Gastrointestinal Tract Development
|Embryology - 3 May 2015 Translate|
Arabic | Chinese (simplified) | French | German | Hebrew | Hindi | Indonesian | Japanese | Korean | Portuguese | Romanian | Russian | Spanish These external translations are automated and may not be accurate.
- 1 Introduction
- 2 Some Recent Findings
- 3 Textbooks
- 4 Objectives
- 5 Germ Layer Contributions
- 6 Gastrointestinal Tract Movies
- 7 3 GIT divisions
- 8 Development Overview
- 9 Carnegie stage 13 Embryo Overview
- 10 Innervation
- 11 Associated Organs
- 12 Gastrointestinal Tract Abnormalities
- 13 Molecular
- 14 References
- 15 Additional Images
- 16 Terms
- 17 Glossary Links
The gastrointestinal tract (GIT) arises initially during the process of gastrulation from the endoderm of the trilaminar embryo (week 3) and extends from the buccopharyngeal membrane to the cloacal membrane. The tract and associated organs later have contributions from all the germ cell layers.
During the 4th week three distinct regions (fore-, mid- and hind-gut) extend the length of the embryo and will contribute different components of the GIT. The large mid-gut is generated by lateral embryonic folding which "pinches off" a pocket of the yolk sac, the 2 compartments continue to communicate through the vitelline duct.
The oral cavity (mouth) is formed following breakdown of the buccopharyngeal membrane (oropharyngeal or oral membrane) and contributed to mainly by the pharynx lying within the pharyngeal arches (More? Head Development). Loss of buccopharyngeal membrane opens the tract to amniotic fluid through the remainder of development, and during the fetal period is actively swallowed.
From the oral cavity the next portion of the foregut is initially the pharynx, a single gastrointestinal (oesophagus) and respiratory (trachea) common tube, that lies behind the heart. Note that the respiratory tract will form from a ventral bud arising at this level (More? Respiratory).
This current page provides an introductory overview, use the links below for descriptions of specific components and regions as well as developmental abnormalities.
- GIT Links: Introduction | Medicine Lecture | Science Lecture | Endoderm | Stomach | Liver | Gall Bladder | Pancreas | Intestine | Tongue | Taste | Enteric Nervous System | Stage 13 | Stage 22 | Abnormalities | Movies | Postnatal | Milk | Tooth | Tongue | BGD Lecture | BGD Practical | Category:Gastrointestinal Tract
Note that in historic texts the term entoderm is used to describe endoderm and other terminology may also differ from current descriptions.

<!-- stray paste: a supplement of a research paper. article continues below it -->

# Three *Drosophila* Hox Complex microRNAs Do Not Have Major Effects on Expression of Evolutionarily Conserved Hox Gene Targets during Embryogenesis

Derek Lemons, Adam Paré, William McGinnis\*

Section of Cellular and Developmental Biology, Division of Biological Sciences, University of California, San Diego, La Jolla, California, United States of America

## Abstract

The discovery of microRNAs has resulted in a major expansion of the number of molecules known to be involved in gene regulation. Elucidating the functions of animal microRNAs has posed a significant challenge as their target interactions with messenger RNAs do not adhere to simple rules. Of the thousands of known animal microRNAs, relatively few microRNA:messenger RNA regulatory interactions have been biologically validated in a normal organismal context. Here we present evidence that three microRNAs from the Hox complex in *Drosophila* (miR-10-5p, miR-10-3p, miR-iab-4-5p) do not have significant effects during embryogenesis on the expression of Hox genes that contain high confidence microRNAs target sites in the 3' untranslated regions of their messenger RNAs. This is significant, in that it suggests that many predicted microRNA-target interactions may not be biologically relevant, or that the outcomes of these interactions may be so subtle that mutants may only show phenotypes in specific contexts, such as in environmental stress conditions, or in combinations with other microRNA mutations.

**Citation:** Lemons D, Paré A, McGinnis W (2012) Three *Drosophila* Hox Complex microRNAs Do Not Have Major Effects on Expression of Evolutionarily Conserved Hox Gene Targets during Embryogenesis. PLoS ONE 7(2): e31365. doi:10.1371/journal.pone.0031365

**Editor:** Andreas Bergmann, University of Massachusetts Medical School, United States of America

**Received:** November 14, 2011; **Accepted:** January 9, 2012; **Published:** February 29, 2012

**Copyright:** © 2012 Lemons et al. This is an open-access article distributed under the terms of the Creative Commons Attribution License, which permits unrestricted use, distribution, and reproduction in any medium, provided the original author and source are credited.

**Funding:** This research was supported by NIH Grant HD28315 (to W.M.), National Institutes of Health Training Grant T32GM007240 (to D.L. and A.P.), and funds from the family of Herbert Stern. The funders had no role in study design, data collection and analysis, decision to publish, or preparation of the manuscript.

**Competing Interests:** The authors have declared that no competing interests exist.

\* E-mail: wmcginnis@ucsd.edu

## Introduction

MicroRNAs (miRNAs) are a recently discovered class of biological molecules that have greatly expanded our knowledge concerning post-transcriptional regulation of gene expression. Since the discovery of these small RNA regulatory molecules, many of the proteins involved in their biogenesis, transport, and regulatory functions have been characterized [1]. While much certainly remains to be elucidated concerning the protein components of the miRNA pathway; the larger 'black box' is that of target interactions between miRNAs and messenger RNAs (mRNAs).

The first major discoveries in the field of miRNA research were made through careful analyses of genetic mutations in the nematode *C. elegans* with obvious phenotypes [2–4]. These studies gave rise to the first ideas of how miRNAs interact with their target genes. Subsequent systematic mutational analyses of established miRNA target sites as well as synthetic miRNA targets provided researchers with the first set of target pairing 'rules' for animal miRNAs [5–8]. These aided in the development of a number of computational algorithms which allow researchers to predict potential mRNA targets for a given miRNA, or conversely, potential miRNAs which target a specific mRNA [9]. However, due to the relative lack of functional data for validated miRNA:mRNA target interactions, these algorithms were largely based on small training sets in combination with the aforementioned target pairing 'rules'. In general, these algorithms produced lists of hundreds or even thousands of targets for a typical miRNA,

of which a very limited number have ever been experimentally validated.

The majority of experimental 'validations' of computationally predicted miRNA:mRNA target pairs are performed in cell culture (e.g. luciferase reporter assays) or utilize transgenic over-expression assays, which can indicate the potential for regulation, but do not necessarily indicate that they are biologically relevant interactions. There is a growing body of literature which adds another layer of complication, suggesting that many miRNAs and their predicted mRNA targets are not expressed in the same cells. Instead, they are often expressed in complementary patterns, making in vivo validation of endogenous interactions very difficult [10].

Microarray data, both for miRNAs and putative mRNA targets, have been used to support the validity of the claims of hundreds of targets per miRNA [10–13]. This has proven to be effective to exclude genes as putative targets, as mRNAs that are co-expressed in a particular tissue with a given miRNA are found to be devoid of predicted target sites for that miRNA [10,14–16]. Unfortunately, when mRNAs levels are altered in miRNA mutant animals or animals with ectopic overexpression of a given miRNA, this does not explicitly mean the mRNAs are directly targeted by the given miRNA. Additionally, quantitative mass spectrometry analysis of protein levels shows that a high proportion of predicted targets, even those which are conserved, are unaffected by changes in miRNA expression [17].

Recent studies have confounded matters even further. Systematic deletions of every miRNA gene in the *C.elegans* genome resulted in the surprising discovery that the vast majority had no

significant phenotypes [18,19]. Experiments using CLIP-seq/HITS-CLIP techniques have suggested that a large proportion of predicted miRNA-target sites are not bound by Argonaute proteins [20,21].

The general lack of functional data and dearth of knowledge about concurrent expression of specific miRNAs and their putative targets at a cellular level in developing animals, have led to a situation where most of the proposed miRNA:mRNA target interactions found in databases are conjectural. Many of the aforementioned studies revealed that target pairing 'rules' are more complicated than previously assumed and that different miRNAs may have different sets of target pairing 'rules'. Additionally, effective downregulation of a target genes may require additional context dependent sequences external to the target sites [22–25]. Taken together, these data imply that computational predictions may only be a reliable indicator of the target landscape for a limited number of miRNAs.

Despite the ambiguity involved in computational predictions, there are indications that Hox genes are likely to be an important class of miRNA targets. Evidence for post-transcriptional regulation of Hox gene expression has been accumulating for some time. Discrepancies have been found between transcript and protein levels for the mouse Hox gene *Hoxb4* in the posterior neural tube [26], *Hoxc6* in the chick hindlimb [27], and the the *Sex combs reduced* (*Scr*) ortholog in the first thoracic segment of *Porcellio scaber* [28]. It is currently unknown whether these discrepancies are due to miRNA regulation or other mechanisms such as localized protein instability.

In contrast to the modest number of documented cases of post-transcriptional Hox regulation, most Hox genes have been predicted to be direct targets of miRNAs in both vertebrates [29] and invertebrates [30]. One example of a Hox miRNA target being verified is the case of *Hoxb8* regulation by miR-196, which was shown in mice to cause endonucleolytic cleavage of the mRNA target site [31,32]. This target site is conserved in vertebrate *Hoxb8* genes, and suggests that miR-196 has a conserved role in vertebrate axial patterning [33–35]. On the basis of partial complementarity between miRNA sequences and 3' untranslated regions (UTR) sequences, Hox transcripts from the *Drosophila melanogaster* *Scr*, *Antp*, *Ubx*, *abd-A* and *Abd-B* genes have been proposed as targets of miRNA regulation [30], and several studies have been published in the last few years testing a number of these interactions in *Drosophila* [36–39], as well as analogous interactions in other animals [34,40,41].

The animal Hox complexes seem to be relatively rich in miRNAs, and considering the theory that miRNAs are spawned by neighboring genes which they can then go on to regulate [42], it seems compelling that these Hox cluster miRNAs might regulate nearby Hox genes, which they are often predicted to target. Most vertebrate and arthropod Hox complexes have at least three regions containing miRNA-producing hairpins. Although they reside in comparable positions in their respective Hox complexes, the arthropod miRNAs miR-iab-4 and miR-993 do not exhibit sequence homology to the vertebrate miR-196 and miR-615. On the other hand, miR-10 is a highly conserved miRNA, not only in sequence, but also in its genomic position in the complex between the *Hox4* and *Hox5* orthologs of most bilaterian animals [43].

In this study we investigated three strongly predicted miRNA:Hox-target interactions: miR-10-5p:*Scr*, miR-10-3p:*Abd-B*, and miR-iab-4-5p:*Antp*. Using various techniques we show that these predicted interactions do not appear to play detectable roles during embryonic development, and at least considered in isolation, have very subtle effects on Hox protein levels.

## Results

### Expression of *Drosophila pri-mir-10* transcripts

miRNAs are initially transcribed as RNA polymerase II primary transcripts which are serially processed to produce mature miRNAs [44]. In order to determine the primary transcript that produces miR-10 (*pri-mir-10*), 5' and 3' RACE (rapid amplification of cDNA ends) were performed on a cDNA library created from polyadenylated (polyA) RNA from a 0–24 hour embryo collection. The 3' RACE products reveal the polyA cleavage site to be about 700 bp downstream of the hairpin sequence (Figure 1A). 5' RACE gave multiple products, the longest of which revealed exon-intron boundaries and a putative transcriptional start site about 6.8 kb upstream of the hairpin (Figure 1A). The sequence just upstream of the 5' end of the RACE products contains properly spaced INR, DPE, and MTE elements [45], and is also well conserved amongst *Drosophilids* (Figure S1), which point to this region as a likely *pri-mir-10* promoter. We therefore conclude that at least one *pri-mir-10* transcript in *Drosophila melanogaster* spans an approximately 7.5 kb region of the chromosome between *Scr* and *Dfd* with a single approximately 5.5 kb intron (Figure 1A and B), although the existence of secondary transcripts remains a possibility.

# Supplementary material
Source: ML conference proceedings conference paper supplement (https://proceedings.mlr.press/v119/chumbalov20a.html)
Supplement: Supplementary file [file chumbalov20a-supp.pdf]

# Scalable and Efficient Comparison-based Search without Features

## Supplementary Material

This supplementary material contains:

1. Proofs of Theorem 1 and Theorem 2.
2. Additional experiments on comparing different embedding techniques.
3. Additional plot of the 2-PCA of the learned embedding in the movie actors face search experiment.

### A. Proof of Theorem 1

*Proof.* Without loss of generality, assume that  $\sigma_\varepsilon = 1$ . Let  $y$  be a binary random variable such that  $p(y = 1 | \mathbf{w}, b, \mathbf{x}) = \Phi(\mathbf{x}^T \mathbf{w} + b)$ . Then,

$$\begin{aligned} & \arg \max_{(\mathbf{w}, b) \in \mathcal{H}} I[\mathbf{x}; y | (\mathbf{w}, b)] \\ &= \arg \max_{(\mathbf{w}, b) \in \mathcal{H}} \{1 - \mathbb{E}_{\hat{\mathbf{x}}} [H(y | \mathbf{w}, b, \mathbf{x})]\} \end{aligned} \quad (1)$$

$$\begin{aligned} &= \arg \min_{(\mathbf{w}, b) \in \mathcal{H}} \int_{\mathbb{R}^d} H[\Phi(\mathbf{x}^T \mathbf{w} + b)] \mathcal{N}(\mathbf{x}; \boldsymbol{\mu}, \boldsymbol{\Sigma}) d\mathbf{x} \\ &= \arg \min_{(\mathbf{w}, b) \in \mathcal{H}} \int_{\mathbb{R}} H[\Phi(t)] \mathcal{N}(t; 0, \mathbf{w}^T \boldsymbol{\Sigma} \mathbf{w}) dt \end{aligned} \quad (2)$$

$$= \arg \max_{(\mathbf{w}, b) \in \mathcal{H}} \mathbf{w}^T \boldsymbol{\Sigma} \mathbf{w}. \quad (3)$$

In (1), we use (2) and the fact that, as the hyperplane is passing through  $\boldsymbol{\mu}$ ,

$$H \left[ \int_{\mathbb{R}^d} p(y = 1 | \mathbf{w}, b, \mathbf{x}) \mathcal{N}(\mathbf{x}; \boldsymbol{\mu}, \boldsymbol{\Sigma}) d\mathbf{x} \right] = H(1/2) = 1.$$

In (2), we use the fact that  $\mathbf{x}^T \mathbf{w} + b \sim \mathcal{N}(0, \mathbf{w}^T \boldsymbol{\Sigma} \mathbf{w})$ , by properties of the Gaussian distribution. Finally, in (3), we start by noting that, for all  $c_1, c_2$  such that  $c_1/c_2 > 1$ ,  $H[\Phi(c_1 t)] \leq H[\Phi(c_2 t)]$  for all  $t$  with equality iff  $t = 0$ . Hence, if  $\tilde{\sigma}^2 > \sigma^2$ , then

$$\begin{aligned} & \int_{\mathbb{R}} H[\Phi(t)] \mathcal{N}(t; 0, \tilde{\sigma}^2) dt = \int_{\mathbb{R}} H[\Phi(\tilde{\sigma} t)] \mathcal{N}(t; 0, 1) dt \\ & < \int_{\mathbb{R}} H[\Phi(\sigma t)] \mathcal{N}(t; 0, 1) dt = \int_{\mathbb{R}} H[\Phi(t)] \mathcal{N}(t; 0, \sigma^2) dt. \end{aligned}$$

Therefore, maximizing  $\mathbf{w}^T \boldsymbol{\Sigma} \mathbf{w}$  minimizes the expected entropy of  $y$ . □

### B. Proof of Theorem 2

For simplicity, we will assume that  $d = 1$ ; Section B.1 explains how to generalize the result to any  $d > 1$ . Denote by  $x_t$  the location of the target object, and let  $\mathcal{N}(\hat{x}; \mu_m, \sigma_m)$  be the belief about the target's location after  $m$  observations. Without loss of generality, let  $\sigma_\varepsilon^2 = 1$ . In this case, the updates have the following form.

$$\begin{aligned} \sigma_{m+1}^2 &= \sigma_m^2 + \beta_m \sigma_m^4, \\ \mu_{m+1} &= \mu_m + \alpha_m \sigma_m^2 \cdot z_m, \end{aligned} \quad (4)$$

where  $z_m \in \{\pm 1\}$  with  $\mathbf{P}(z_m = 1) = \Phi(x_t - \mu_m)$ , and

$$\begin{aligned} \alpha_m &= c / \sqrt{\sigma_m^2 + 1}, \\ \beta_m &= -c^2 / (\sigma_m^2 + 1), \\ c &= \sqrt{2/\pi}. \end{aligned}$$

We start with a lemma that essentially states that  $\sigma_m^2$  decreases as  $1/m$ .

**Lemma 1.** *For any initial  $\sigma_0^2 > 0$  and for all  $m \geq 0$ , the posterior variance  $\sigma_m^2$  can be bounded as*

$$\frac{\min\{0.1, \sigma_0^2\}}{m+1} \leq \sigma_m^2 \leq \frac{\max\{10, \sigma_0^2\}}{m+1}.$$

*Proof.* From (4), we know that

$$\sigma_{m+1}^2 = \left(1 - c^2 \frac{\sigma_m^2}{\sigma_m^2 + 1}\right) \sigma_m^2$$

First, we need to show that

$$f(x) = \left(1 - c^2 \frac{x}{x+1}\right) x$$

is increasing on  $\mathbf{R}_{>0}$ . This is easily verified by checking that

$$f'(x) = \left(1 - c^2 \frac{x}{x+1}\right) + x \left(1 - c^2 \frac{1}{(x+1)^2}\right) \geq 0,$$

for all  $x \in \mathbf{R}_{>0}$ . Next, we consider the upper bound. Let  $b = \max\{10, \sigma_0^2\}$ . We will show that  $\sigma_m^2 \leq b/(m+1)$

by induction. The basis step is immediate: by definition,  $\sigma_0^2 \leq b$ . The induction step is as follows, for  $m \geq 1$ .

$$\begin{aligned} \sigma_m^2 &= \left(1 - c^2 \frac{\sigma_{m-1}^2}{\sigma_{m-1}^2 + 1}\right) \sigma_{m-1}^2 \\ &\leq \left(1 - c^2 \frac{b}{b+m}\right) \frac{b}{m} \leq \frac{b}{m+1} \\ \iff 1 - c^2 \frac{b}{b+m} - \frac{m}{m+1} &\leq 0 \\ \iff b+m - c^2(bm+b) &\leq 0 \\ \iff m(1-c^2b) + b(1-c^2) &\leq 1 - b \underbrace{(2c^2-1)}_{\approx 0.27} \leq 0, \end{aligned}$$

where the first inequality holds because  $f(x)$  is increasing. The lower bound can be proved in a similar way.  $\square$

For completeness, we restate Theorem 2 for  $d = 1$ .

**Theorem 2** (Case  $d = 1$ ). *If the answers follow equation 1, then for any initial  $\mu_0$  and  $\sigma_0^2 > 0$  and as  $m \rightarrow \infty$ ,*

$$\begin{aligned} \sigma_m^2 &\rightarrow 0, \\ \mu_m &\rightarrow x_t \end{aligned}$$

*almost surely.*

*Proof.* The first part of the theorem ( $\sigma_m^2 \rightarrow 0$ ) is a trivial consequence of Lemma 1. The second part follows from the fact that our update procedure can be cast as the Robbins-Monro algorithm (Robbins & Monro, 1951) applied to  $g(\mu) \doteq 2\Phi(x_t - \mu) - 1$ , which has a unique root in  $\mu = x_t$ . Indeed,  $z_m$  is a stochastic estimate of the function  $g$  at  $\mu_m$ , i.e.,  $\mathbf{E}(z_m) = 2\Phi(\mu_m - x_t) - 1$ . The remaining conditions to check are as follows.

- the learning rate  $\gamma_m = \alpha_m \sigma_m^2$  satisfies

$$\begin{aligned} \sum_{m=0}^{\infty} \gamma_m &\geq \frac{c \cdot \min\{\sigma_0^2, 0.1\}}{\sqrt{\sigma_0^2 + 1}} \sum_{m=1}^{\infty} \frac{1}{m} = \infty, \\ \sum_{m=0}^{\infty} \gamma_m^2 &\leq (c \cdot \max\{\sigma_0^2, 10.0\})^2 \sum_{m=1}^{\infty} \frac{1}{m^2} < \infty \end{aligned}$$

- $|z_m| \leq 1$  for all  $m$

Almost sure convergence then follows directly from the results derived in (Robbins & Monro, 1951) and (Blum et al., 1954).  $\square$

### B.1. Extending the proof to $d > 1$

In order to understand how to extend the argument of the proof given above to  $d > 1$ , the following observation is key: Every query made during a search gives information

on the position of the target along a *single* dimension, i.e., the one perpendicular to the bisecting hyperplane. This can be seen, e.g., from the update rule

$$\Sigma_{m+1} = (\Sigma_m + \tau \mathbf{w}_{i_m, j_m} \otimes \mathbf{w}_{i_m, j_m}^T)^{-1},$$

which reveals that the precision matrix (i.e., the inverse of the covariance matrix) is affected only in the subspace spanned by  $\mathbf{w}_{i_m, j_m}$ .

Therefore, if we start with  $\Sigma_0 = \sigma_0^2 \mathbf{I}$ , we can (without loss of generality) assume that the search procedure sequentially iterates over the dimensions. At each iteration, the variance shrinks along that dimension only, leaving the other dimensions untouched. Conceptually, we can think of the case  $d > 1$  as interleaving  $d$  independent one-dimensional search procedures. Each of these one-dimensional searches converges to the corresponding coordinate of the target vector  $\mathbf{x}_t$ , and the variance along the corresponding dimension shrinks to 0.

Some Recent Findings
|More recent papers|
References listed on the rest of the content page and the associated discussion page (listed under the publication year sub-headings) do include some editorial selection based upon both relevance and availability.
Ashis K Saha, Arup K Kundu Mucosal bridge in oesophagus. J Assoc Physicians India: 2014, 62(8);704-5 PMID: 25856939 David Atallah, Charbel Salameh, Riad Sarkis, Michel Ghossain, Joelle Safi, Malak Moubarak, Wadih Ghanameh, Maroun Moukarzel, Nadine El Kassis [Laparoscopic treatment of vaginal agenesis: three cases]. [Traitement coelioscopique de l'agénésie vaginale: trois études de cas.] J Med Liban: 2015, 62(4);227-31 PMID: 25807721 Stavroula Woutsas, Caner Aytekin, Elisabeth Salzer, Cecilia Domínguez Conde, Sema Apaydin, Herbert Pichler, Nima Memaran-Dadgar, Ferda Ozbay Hosnut, Elisabeth Förster-Waldl, Susanne Matthes, Wolf-Dietrich Huber, Thomas Lion, Wolfgang Holter, Ivan Bilic, Kaan Boztug Hypomorphic mutation in TTC7A causes combined immunodeficiency with mild structural intestinal defects. Blood: 2015, 125(10);1674-6 PMID: 25745186 Weiwei Jiang, Xiaofeng Lv, Xiaoqun Xu, Qiming Geng, Jie Zhang, Weibing Tang Early enteral nutrition for upper digestive tract malformation in neonate. Asia Pac J Clin Nutr: 2015, 24(1);38-43 PMID: 25740740 Jeanne Cawse-Lucas, Shannon Waterman, Leilani St Anna Clinical inquiry: does frenotomy help infants with tongue-tie overcome breastfeeding difficulties? J Fam Pract: 2015, 64(2);126-7 PMID: 25671532
- Human Embryology Larson Chapter 9 p229-260
- The Developing Human: Clinically Oriented Embryology (6th ed.) Moore and Persaud Chapter 12 p271-302
- Before We Are Born (5th ed.) Moore and Persaud Chapter 13 p255-287
- Essentials of Human Embryology Larson Chapter 9 p123-146
- Human Embryology Fitzgerald and Fitzgerald Chapter 19,20 p119-123
|You have access the following online Embryology textbooks through the UNSW Library.|
| Moore, K.L. & Persuad, T.V.N. (2008). The Developing Human: clinically oriented embryology (8th ed.). Philadelphia: Saunders.
| Schoenwolf, G.C., Bleyl, S.B., Brauer, P.R. and Francis-West, P.H. (2009). Larsen’s Human Embryology (4th ed.). New York; Edinburgh: Churchill Livingstone.
- Understanding of germ layer contributions to the early gastrointestinal tract (GIT)
- Understanding of the folding of the GIT
- Understanding of three main GIT embryonic divisions
- Understanding of associated organ development (liver, pancreas, spleen)
- Brief understanding of mechanical changes (rotations) during GIT development
- Brief understanding of gastrointestinal abnormalities
Germ Layer Contributions
- Endoderm - epithelium and associated glands
- Mesoderm (splanchnic) - mesentry, connective tissues, smooth muscle, blood vessels
- Ectoderm (neural crest) - enteric nervous system (neural tube) - extrinsic innervation
Both endoderm and mesoderm will contribute to associated organs.
Gastrointestinal Tract Movies
3 GIT divisions
The large mid-gut is generated by lateral embryonic folding which "pinches off" a pocket of the yolk sac, the 2 compartments continue to communicate through the vitelline duct.